Corydalis sempervirens is an attractive biennial native to rocky, shallow-soil sites and cooler climates. It is easy to start from seed and has light to dark pink tubular flowers with yellow tips and greenish-blue leaves. Being a biennial, it will have basal rosettes at ground level the first year and flowering plants the second year. It could fill in any bare spot in a sun or semi-shade garden quite quickly.
Quick Growing Guide
Botanical Name: Corydalis sempervirens
Botanical Family: Fumariaceae
En français: Corydale toujours-verte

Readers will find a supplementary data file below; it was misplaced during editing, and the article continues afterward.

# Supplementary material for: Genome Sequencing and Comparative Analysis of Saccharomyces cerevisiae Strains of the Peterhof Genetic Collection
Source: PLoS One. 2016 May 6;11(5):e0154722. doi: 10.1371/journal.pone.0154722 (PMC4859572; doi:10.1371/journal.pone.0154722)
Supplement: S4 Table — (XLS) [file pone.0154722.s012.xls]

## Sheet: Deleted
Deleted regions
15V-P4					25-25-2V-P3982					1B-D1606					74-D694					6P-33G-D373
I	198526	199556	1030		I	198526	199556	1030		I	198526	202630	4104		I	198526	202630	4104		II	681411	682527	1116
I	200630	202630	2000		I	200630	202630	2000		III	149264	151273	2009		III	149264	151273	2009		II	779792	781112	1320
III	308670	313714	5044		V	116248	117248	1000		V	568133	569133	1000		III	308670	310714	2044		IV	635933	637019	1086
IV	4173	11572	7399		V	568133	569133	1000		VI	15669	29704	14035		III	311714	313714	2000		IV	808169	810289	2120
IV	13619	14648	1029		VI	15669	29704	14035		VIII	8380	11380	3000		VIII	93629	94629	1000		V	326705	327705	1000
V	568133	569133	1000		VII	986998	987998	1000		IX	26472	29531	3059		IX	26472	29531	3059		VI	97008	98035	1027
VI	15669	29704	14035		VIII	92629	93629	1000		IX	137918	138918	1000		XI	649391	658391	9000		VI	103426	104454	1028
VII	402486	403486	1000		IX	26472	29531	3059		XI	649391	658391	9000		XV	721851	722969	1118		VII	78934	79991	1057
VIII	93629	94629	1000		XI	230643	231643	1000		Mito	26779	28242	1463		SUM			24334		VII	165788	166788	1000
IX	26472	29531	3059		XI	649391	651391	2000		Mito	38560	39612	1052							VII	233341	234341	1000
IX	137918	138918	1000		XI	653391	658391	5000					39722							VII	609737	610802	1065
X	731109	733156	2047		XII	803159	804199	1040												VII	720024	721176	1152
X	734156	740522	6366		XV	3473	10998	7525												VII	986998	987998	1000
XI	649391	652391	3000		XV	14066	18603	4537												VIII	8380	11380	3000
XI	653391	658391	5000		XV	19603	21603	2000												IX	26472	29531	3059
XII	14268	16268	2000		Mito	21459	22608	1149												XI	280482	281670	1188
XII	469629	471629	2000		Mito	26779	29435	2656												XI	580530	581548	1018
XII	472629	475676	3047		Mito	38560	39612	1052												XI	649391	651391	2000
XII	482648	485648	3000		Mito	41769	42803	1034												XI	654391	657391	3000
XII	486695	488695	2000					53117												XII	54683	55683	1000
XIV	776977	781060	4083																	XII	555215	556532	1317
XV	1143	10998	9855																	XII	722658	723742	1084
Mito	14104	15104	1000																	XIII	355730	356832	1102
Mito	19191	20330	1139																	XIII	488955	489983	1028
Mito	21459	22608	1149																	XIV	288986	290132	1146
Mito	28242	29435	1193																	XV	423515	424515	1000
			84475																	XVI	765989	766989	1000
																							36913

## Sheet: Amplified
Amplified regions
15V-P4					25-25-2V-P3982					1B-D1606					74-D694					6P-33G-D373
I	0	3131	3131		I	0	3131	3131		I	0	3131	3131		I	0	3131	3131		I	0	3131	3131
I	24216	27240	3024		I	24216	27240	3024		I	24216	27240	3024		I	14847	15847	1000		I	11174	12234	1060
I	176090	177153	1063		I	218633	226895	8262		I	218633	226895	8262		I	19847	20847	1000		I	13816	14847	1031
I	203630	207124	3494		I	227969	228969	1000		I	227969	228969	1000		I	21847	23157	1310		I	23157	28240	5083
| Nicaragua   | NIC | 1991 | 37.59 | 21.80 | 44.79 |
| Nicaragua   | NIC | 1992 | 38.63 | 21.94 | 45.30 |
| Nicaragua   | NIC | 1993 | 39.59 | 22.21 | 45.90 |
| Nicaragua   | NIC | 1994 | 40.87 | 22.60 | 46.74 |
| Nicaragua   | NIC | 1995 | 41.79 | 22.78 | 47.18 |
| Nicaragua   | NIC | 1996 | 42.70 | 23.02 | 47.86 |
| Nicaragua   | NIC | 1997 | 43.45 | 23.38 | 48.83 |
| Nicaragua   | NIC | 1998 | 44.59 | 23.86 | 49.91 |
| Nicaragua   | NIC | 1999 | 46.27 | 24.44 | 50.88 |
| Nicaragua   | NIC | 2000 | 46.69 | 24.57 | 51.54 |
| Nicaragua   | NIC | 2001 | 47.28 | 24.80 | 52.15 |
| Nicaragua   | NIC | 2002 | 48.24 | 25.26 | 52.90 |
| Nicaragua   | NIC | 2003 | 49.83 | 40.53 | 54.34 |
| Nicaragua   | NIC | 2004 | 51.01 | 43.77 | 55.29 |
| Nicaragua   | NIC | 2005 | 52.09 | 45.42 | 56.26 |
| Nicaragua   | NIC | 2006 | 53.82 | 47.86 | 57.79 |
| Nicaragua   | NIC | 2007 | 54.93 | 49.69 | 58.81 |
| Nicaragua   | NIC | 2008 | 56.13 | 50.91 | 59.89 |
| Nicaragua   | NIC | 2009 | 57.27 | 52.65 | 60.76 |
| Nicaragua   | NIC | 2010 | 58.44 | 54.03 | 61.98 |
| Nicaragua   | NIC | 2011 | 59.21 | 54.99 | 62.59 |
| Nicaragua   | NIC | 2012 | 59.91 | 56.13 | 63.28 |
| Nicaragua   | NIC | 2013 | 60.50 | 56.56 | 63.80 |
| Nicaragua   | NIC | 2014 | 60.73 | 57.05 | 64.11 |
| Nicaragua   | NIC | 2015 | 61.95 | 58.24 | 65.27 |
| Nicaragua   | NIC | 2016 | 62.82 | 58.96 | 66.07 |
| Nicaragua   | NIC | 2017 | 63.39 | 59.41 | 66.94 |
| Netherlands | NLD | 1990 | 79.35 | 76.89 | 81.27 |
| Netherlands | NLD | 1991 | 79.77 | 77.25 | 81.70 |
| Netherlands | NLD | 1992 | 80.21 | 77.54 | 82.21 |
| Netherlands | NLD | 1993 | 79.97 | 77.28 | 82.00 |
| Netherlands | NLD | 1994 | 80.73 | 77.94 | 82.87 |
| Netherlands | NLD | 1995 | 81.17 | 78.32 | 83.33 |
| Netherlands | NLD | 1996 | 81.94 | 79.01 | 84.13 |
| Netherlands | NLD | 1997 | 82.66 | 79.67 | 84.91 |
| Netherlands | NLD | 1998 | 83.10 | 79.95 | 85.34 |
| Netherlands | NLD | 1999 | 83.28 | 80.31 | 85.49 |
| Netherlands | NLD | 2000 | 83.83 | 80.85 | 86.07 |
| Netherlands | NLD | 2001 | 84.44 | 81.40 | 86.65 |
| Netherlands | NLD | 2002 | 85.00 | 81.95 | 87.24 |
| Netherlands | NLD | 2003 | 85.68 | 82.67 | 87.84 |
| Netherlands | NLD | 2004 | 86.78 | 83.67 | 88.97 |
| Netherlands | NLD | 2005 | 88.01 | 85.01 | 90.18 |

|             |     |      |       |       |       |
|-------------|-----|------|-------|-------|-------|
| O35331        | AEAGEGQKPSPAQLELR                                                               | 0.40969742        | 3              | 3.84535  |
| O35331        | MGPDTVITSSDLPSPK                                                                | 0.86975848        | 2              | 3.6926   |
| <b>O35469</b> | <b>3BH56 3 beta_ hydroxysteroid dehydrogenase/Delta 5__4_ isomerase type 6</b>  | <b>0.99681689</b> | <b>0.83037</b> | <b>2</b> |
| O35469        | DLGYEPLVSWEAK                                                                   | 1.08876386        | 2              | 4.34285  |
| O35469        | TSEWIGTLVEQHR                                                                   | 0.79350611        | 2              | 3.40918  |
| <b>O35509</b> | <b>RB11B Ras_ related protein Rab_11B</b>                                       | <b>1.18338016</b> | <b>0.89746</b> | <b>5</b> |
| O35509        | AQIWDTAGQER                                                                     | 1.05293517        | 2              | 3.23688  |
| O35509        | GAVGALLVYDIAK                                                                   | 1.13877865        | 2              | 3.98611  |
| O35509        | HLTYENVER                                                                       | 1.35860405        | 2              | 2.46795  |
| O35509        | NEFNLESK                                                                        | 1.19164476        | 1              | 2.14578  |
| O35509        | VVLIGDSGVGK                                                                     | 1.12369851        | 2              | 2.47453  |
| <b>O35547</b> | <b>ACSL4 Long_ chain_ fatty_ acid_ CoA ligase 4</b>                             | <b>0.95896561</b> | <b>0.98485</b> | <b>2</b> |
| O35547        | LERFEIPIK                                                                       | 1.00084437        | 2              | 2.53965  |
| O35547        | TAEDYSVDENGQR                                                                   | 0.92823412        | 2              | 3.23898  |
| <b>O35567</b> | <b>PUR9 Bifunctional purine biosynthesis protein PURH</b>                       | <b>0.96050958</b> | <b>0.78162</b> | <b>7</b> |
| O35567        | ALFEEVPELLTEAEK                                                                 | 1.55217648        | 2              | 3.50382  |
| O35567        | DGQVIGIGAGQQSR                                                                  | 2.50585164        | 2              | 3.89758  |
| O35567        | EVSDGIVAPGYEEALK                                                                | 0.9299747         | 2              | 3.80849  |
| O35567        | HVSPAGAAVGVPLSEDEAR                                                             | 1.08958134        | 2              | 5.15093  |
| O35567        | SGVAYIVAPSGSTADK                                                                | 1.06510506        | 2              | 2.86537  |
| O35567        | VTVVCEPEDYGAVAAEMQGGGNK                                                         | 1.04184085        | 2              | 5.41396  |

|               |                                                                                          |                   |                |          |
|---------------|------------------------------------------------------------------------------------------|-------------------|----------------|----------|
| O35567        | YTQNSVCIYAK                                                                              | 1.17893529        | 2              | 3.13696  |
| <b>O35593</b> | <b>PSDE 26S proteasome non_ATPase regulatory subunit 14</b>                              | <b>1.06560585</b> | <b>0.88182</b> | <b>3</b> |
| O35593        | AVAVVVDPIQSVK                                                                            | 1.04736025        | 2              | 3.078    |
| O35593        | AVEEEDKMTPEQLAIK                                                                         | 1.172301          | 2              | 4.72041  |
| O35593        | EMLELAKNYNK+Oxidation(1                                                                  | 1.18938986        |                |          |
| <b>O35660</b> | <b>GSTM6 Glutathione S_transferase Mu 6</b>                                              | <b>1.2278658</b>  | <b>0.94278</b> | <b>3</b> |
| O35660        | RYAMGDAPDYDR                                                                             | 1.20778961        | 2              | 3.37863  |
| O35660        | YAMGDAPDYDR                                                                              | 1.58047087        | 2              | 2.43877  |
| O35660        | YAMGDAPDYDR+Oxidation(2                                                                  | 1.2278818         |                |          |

Water: Average Water Needs; Water regularly; do not overwater
Pale Corydalis can be propagated through division and seeding and does best in dry, sunny to partly sunny areas of slopes, woodland edges, rocky or sandy soils, but where the air temperature is not overly hot, as this is a plant for cooler environments.
Its natural habitat consists of dry rocky deciduous woods and borders. It is most common in the New England states, the Great Lakes region, and south along the Blue Ridge Mountains into northwestern Georgia. It is widespread in Canada and can also be found in Alaska. Companion plant suggestions many spring ephermals, including Raspberry Splash Lungwort, Dutchman’s breeches, Trilliums, Trout Lilies, and Bloodroot.